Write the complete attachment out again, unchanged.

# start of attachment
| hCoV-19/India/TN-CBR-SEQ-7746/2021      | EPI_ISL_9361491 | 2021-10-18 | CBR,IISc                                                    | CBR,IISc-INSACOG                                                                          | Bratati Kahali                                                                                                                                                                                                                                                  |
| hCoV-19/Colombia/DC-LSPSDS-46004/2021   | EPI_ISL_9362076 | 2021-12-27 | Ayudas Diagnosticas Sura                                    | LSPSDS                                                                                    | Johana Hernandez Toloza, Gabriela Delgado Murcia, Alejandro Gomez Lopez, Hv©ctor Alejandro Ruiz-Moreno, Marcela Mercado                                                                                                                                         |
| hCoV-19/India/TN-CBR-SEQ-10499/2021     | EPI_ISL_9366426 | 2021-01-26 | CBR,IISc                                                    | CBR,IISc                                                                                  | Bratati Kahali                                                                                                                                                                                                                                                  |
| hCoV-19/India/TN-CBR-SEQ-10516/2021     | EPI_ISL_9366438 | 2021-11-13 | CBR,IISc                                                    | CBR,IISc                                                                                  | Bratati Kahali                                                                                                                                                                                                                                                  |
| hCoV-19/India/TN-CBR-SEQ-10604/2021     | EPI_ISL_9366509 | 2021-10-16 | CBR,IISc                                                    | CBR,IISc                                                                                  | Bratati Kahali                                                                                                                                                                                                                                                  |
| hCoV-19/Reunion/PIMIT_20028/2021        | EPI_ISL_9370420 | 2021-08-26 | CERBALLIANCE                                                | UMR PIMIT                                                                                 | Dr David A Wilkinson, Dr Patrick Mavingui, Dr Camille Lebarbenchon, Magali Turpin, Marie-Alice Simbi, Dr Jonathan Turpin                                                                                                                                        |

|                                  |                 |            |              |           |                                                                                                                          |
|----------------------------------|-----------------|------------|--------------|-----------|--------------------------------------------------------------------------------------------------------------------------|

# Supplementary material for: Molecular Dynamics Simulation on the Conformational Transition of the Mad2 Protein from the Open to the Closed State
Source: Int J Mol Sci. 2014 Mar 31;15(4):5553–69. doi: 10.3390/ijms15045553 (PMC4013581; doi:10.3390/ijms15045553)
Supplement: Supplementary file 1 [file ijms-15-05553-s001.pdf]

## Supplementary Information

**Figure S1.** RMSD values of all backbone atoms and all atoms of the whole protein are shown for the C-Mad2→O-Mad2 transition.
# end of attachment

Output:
| hCoV-19/India/TN-CBR-SEQ-7746/2021      | EPI_ISL_9361491 | 2021-10-18 | CBR,IISc                                                    | CBR,IISc-INSACOG                                                                          | Bratati Kahali                                                                                                                                                                                                                                                  |
| hCoV-19/Colombia/DC-LSPSDS-46004/2021   | EPI_ISL_9362076 | 2021-12-27 | Ayudas Diagnosticas Sura                                    | LSPSDS                                                                                    | Johana Hernandez Toloza, Gabriela Delgado Murcia, Alejandro Gomez Lopez, Hv©ctor Alejandro Ruiz-Moreno, Marcela Mercado                                                                                                                                         |
| hCoV-19/India/TN-CBR-SEQ-10499/2021     | EPI_ISL_9366426 | 2021-01-26 | CBR,IISc                                                    | CBR,IISc                                                                                  | Bratati Kahali                                                                                                                                                                                                                                                  |
| hCoV-19/India/TN-CBR-SEQ-10516/2021     | EPI_ISL_9366438 | 2021-11-13 | CBR,IISc                                                    | CBR,IISc                                                                                  | Bratati Kahali                                                                                                                                                                                                                                                  |
| hCoV-19/India/TN-CBR-SEQ-10604/2021     | EPI_ISL_9366509 | 2021-10-16 | CBR,IISc                                                    | CBR,IISc                                                                                  | Bratati Kahali                                                                                                                                                                                                                                                  |
| hCoV-19/Reunion/PIMIT_20028/2021        | EPI_ISL_9370420 | 2021-08-26 | CERBALLIANCE                                                | UMR PIMIT                                                                                 | Dr David A Wilkinson, Dr Patrick Mavingui, Dr Camille Lebarbenchon, Magali Turpin, Marie-Alice Simbi, Dr Jonathan Turpin                                                                                                                                        |

|                                  |                 |            |              |           |                                                                                                                          |
|----------------------------------|-----------------|------------|--------------|-----------|--------------------------------------------------------------------------------------------------------------------------|

# Supplementary material for: Molecular Dynamics Simulation on the Conformational Transition of the Mad2 Protein from the Open to the Closed State
Source: Int J Mol Sci. 2014 Mar 31;15(4):5553–69. doi: 10.3390/ijms15045553 (PMC4013581; doi:10.3390/ijms15045553)
Supplement: Supplementary file 1 [file ijms-15-05553-s001.pdf]

## Supplementary Information

**Figure S1.** RMSD values of all backbone atoms and all atoms of the whole protein are shown for the C-Mad2→O-Mad2 transition.